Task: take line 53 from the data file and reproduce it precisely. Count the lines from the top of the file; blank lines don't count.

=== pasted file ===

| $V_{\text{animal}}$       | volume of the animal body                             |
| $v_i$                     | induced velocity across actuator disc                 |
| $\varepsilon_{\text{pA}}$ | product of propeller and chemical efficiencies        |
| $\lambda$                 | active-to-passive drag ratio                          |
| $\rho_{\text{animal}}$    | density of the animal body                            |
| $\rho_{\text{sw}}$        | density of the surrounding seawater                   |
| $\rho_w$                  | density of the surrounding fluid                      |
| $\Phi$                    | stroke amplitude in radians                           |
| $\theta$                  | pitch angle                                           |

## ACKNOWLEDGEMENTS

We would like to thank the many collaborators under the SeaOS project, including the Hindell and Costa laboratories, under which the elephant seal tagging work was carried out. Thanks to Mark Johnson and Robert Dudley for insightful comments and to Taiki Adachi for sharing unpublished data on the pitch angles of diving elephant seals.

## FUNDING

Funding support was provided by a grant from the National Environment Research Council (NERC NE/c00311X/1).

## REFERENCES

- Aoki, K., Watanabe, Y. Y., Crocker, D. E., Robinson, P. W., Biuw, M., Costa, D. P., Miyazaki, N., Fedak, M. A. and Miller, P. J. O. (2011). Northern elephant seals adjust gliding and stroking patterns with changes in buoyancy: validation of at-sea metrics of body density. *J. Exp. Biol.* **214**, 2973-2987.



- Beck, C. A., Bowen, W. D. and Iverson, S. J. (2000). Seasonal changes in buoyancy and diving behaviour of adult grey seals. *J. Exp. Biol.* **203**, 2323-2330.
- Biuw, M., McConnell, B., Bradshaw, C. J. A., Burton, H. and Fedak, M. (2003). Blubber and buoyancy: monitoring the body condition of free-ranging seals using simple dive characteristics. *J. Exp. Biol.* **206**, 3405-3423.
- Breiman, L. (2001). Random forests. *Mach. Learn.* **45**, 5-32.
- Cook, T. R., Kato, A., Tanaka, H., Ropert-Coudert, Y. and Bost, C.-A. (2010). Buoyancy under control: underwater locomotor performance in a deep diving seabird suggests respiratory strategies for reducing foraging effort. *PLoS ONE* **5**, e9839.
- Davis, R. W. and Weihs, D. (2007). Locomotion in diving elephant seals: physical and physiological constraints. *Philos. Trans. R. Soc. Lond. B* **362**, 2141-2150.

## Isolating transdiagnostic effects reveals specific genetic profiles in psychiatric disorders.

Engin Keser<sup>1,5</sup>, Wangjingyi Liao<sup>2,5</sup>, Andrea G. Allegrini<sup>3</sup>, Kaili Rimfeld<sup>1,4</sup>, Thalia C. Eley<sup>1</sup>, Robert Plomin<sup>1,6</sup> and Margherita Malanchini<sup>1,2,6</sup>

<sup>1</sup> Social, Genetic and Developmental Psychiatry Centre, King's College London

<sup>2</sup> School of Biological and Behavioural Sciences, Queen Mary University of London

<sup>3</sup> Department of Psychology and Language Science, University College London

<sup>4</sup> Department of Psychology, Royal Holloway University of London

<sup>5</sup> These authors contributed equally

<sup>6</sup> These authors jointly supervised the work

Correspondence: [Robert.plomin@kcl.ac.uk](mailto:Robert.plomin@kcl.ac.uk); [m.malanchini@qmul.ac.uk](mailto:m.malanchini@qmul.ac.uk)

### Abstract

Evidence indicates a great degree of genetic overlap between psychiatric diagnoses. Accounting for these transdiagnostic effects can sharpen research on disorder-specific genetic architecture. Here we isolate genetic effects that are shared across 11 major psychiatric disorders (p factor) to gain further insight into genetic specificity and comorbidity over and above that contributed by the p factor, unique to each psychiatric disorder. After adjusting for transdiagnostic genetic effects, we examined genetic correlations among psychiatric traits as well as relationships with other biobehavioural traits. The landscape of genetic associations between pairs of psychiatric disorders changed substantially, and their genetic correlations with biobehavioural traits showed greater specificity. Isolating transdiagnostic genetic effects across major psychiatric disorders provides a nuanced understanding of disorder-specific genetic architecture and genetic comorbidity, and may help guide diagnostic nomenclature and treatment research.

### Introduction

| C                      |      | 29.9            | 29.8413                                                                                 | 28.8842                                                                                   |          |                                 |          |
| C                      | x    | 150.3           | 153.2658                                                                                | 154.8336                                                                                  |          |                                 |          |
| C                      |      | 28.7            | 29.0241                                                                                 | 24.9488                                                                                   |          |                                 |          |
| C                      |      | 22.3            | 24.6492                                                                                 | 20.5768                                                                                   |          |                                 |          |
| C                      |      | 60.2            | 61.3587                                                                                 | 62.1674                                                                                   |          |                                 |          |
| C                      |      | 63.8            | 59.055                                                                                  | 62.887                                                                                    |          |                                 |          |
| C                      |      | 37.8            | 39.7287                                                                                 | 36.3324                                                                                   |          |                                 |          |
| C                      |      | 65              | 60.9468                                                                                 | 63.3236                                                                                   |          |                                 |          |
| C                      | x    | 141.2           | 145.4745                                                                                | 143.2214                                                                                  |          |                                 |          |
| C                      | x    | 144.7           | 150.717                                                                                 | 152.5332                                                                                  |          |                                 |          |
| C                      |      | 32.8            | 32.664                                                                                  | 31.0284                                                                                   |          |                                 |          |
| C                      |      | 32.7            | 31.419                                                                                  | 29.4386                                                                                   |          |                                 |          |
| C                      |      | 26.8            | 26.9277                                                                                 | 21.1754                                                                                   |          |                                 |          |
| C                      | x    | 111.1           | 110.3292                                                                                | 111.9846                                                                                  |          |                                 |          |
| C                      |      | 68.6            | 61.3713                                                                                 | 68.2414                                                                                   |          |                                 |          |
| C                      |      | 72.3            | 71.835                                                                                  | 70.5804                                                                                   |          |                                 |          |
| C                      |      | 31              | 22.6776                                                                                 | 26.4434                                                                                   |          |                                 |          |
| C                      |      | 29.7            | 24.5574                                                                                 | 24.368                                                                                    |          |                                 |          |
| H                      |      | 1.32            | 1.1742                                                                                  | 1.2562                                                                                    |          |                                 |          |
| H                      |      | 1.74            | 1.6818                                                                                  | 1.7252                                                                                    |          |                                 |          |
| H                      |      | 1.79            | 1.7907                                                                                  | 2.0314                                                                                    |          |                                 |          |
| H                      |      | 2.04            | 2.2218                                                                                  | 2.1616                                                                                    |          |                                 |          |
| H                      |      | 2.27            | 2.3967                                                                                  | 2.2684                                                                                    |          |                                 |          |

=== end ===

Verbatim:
| H                      |      | 1.79            | 1.7907                                                                                  | 2.0314                                                                                    |          |                                 |          |